Aging is associated with impaired vascular function characterized in part by attenuated vasorelaxation to acetylcholine (ACh) and sodium nitroprusside (SNP). Due to structural and functional differences between conduit and resistance arteries, the effect of aging on vasorelaxation responses may vary along the arterial tree. Our purpose was to determine age-related differences in vasorelaxation responses in large and small arteries. Responses to the endothelium-dependent vasodilator acetylcholine (ACh) and the endothelium-independent vasodilator sodium nitroprusside (SNP) were assessed in abdominal aorta (AA), iliac arteries (IA), femoral arteries (FA), and gastrocnemius feed arteries (GFA) from young and old male rats. ACh-mediated vasorelaxation was significantly impaired in old AA and IA. SNP-mediated vasorelaxation was impaired in old AA. To investigate a potential mechanism for impaired relaxation responses in AA and IA, we assessed eNOS protein content and interactions with caveolin-1 (Cav-1), and calmodulin (CaM) via immunoprecipitation and immunoblot analysis. We found no age differences in eNOS content or interactions with Cav1 and CaM. Combined data from all rats revealed that eNOS content was higher in IA compared to AA and FA (p <.001), and was higher in GFA than AA (p <.05). Cav1:eNOS interaction was greater in FA than in AA and IA (p <.01), and in GFA compared to IA (p <.05). No differences in CaM:eNOS were detected. In conclusion, age-related impairment of vasorelaxation responses occurred in the large conduit, but not small conduit or resistance arteries. These detrimental effects of age were not associated with changes in eNOS or its interactions with Cav-1 or CaM.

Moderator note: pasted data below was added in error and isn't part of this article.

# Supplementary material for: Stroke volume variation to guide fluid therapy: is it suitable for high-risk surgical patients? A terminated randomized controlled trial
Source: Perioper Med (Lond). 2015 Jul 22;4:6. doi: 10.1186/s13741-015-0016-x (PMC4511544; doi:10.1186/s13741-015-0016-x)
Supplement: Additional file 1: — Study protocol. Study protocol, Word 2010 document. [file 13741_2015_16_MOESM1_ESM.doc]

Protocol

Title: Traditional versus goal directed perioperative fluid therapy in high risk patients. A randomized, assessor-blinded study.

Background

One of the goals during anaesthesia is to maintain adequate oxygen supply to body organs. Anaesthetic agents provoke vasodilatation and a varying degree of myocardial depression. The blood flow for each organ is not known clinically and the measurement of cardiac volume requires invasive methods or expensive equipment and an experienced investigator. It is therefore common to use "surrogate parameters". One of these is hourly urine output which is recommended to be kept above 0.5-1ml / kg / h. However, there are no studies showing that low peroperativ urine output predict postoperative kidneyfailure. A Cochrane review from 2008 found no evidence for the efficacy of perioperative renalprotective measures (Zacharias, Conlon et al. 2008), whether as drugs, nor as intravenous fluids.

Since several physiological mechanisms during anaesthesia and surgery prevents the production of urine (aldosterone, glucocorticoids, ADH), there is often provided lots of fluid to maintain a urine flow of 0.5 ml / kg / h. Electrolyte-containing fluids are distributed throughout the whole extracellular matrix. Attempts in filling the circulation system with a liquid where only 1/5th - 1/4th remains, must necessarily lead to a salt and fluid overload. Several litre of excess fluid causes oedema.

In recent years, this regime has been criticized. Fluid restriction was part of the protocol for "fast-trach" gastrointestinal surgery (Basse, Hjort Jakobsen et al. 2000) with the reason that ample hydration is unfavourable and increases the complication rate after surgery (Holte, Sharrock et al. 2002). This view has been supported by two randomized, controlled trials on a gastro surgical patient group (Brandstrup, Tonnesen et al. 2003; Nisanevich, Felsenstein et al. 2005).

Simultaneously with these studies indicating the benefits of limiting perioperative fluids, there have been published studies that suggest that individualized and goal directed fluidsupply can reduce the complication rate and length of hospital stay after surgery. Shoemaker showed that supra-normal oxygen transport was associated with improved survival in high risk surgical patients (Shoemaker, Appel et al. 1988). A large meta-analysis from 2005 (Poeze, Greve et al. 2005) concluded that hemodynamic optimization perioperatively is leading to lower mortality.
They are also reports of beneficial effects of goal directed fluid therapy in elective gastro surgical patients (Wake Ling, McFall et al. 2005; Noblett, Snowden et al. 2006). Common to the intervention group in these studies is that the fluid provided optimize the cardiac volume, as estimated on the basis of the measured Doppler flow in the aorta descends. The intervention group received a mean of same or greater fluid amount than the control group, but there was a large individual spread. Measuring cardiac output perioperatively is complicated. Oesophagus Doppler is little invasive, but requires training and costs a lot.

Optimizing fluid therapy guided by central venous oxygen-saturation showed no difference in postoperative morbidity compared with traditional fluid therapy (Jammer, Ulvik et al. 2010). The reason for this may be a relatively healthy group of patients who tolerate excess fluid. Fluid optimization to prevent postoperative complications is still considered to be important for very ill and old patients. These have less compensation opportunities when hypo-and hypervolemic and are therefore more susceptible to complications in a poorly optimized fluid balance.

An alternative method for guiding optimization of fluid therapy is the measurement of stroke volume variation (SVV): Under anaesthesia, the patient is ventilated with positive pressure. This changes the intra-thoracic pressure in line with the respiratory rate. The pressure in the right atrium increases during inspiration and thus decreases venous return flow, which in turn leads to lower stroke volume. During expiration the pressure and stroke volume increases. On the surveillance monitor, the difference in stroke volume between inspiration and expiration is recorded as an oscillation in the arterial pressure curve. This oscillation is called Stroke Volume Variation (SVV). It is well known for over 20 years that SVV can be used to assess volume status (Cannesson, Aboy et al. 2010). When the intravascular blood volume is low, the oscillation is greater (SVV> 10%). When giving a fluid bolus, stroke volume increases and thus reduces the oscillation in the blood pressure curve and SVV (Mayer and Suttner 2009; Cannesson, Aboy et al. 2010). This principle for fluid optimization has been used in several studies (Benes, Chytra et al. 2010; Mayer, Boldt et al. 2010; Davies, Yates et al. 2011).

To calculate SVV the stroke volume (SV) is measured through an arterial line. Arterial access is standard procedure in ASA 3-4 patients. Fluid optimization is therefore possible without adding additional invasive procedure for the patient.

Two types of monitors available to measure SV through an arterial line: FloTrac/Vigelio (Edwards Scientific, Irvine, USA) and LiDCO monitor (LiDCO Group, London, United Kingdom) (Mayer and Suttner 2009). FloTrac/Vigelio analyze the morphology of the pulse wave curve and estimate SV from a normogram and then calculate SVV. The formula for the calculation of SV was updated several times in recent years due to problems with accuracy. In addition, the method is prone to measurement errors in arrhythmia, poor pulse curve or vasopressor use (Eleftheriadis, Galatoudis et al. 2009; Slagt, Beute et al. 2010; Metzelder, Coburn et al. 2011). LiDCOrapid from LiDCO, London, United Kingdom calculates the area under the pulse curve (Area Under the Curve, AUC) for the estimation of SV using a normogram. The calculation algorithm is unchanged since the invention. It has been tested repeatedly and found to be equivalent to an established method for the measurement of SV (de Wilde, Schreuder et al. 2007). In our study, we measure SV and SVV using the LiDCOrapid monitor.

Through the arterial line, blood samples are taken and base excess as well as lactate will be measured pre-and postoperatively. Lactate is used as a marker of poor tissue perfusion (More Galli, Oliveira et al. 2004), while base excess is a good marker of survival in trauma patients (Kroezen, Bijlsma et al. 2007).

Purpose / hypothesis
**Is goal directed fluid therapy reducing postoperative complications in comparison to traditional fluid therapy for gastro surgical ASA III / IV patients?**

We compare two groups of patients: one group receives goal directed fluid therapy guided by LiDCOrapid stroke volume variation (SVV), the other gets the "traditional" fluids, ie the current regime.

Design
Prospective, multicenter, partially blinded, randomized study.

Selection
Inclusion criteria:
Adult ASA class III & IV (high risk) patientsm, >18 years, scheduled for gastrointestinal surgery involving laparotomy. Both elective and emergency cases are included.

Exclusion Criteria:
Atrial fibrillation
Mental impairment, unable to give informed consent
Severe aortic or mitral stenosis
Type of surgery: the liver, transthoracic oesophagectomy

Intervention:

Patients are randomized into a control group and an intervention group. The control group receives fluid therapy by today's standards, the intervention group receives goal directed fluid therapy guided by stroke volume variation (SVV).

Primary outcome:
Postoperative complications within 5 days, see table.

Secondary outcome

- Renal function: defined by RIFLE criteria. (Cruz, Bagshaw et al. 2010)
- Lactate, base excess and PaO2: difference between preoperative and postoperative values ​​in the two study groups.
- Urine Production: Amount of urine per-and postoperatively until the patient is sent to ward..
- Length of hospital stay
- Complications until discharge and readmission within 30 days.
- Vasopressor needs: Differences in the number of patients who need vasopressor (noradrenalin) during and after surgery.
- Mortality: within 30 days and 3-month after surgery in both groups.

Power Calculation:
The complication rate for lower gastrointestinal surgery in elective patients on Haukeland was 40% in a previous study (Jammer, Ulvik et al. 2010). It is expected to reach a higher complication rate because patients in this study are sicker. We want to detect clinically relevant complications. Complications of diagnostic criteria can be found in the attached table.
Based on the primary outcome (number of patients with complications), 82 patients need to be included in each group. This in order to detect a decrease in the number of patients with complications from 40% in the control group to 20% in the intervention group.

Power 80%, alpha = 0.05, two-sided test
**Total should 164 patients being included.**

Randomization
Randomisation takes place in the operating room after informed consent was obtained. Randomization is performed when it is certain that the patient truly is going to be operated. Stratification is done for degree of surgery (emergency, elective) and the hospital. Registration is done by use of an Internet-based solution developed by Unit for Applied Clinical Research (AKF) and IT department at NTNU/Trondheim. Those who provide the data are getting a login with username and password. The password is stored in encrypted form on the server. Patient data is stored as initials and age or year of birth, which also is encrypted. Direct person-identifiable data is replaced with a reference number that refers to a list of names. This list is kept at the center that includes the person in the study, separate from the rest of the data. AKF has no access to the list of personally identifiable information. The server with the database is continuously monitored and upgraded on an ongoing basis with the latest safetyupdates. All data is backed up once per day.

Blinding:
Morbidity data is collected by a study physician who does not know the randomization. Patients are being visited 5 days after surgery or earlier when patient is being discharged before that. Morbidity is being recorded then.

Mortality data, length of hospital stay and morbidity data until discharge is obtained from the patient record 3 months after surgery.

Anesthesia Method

- endothelial nitric oxide synthase
- sodium nitroprusside